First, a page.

The Business Plan Is Alive And Well But It May Not Be What You Think

As many times I have written a “business plan”, it seems the flavor of it can vary quite substantially. I think the notion of this catches a good number of people by surprise. And why shouldn’t that be the case? Many textbooks and templates seem to cover business plan outlines with relatively similar structures. My suspicion is that the perspective that gets lost in the mix is intent. The intent of a business plan affects its format and content dramatically (more than outline). For this post, I thought it would be good to share some perspectives on why the process and plan should vary.

Business plan as a process – The process of vetting ideas, getting buy-in, and achieving alignment is most important in these situations. Example situations are new business launches in larger companies (e.g., intrapreneurship). Business plans can often take the form of workshop sessions and Powerpoint documents as opposed to a traditional textual Word document. See a popular post of mine, “In Consulting The Process Is An Essential Part Of The Deliverable“.

Business plan as a sales document – This situation is particularly appropriate for fund raising (e.g., angels, VCs). Key goals of the document are to establish trust with prospects, enable the investment idea to be shared via networks, and persuade people of the merits of an investment opportunity. Often need a mix of instruments here (Powerpoint & Word docs, napkin drawings, demo), depending on the team, industry, and phase of product development (e.g., technology feasibility, commercial feasibility, ramp-up).

Business plan as a hypothesis test or investigative framework – An entrepreneurial way of looking at a business plan is more as a framework or series of hypotheses tests. Questions may be: do customers really want product aspect A, do customers prefer this variation over that one, do customers perceive me as Y relative to my competitors, and will the dog eat the dog food? The business planning effort can be more organic than written and involve focus groups, customer prospect interviews, etc. But the framework process should be systematic in determining which hypotheses are true/false to prove out aspects the business over time.

Some other ways that come to mind are viewing the business plan as a communication tool, a dissertation (that must be closely inspected), debate tool, product development stage gate requirement, and RFP response requirement (e.g., for government grants).

How do you view you business planning efforts? To what extent could you benefit from new ways of thinking about them?

Using a “Frontier Chart” to Evaluate and Plan Project Portfolio Strategy

The introduction of new product or service lines into an existing customer base is a challenge that companies often face with new business development. Sometimes the opportunities can be readily quantified using traditional financial analysis (e.g., using net present value, scenario, and waterfall buildup methods). At other times, there may be hazards of trying to quantify an opportunity too early in the process before conceptual alignment of the stakeholders. For example, people can simply get stuck “in the weeds with the numbers”.

In this post, I share a method that I have sometimes found useful as a first step in framing and getting alignment among parties (especially when looking at new product development situations involving platforms upon which multiple products or product lines can be built). To be honest, I am not sure if there is a name for the type of chart I describe below, but I call it a “frontier chart” (which is derived from investment portfolio theory from finance).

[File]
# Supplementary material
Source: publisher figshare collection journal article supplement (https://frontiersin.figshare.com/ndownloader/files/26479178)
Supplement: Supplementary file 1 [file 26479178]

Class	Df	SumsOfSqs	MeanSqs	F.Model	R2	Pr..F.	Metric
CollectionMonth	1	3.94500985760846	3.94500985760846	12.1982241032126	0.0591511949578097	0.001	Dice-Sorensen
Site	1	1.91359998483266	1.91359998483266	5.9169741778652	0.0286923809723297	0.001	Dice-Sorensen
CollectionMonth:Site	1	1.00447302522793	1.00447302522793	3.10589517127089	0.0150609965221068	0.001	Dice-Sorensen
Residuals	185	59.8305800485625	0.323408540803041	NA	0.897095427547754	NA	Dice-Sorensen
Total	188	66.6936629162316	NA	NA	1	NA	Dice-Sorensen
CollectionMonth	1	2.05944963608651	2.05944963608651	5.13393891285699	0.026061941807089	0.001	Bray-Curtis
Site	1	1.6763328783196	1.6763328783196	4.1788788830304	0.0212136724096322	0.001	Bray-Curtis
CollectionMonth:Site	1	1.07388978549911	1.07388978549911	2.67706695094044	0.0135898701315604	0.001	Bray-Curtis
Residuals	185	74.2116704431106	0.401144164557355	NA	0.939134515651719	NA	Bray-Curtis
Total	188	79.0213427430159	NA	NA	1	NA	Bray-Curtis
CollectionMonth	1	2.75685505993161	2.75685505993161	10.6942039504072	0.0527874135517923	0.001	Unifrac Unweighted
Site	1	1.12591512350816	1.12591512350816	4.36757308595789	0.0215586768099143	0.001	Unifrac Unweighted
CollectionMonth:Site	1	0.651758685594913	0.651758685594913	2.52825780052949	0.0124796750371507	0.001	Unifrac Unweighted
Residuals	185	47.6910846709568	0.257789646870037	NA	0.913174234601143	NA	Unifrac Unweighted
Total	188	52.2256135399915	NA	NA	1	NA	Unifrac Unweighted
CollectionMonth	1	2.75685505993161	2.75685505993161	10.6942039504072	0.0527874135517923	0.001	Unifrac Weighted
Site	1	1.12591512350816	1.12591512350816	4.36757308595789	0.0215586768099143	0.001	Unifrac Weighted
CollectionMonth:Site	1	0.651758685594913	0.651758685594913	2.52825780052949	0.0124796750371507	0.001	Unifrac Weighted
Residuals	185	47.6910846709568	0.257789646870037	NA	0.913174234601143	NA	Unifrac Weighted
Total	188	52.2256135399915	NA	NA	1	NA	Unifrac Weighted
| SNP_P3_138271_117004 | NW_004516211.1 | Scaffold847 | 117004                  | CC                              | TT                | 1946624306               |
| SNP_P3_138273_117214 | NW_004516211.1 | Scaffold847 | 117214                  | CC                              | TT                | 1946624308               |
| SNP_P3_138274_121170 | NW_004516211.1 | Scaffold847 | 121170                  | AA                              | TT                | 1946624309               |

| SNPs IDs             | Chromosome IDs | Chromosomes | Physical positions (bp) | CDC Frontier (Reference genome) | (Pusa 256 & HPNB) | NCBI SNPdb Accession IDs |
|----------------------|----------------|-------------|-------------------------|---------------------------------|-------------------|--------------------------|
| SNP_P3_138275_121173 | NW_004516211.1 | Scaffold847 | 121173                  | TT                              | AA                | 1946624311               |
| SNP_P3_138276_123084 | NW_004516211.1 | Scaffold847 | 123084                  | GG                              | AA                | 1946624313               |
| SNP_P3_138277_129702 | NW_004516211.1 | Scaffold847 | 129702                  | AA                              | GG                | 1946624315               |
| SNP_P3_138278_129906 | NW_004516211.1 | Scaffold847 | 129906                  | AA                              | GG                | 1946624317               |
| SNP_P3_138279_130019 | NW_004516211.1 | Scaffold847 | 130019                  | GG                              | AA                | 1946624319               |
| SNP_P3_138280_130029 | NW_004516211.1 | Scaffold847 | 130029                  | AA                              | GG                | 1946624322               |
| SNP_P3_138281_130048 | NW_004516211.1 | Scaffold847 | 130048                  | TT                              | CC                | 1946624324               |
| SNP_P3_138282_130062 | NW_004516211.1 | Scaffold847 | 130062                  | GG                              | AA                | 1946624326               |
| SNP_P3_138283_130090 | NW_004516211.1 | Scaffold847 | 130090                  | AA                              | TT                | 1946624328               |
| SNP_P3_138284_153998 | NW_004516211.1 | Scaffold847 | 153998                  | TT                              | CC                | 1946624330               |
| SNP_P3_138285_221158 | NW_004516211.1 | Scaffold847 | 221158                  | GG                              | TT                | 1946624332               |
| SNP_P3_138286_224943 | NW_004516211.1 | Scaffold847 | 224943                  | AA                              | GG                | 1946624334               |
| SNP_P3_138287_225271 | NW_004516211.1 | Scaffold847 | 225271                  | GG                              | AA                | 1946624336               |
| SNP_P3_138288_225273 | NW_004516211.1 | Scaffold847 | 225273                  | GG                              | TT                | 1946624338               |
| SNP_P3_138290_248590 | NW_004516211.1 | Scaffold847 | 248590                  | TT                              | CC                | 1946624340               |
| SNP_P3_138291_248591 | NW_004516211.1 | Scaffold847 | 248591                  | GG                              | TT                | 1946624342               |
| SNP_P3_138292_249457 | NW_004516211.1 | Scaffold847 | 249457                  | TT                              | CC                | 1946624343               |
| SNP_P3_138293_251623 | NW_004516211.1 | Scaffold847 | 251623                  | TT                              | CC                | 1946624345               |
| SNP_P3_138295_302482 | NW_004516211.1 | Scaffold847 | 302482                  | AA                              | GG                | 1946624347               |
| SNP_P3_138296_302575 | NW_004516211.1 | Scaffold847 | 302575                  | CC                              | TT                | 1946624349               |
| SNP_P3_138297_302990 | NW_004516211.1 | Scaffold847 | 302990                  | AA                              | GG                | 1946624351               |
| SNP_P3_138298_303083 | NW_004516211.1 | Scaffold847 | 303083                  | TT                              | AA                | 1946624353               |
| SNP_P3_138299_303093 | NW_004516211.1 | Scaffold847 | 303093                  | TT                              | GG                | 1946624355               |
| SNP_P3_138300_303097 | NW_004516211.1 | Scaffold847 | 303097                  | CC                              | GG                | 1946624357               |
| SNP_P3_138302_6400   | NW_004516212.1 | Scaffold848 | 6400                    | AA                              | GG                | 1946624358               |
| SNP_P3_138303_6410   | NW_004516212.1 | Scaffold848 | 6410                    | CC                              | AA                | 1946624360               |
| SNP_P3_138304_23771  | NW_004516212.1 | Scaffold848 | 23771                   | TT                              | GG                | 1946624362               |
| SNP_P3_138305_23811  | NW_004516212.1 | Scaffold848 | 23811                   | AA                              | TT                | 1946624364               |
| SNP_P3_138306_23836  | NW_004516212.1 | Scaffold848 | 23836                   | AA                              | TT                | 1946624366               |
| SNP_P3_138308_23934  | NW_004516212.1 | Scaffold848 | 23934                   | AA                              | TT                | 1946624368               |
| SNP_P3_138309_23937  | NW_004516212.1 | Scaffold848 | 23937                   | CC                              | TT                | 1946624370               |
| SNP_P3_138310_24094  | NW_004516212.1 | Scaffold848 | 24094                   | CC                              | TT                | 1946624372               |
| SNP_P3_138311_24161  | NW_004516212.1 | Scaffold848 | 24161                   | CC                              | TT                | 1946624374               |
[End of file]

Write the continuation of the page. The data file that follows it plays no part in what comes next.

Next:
The basic idea is that there are a set of lower risk projects out on the left side of the chart which have more known (potentially lower) expected returns. In contrast, projects on the right side might have higher risks but also higher, expected returns. So as an example of a project on the left side, a software company may have early customer engagements with a straightforward, add-on product that it directly developed (say a GPS mapping tool). As an example of a project on the right side, that same software company may be looking to introduce new platform capabilities such that indirect, 3rd parties can develop applications (e.g., Apple’s “there’s an app for that”). The later project venture is more risky, but the payoff could be larger than the former project.

Frontier Chart and Project Portfolio Strategy

A key benefit of using a frontier chart is that it can help to get buy-in on the high-level things and projects that people tend to agree with. There will be plenty of time later to put on our “propeller hats” and get bogged down in detailed numbers and execution tactics.

The ability to facilitate a company’s management team to move forward is priceless, and sometimes facilitation can be more difficult when introducing new products or services (which is outside of the core, day-to-day business). Consider using frontier charts and thinking about platform strategies (the latter which may be topic for another post).

Business Development May Be On The Upswing Careerwise, But What Is Business Development?

Earlier this year I had heard from sources at various business schools that given the recession and slower consulting and investment banking hiring, a lot of MBA graduates were looking to careers in business development. This is a great development, but in my experience the term "business development" means quite different things to different people. Here's a paraphrasing of some of the types of statements I've heard in the workplace:

  • "Business development is about new customer acquisition and sales."
  • "Sales personnel are divided into existing accounts and hunters. Business development looks for breakthrough, strategic sales."
  • "Business development handles strategic partnerships & deals."
  • "Channel sales are the primary focus of the business development team."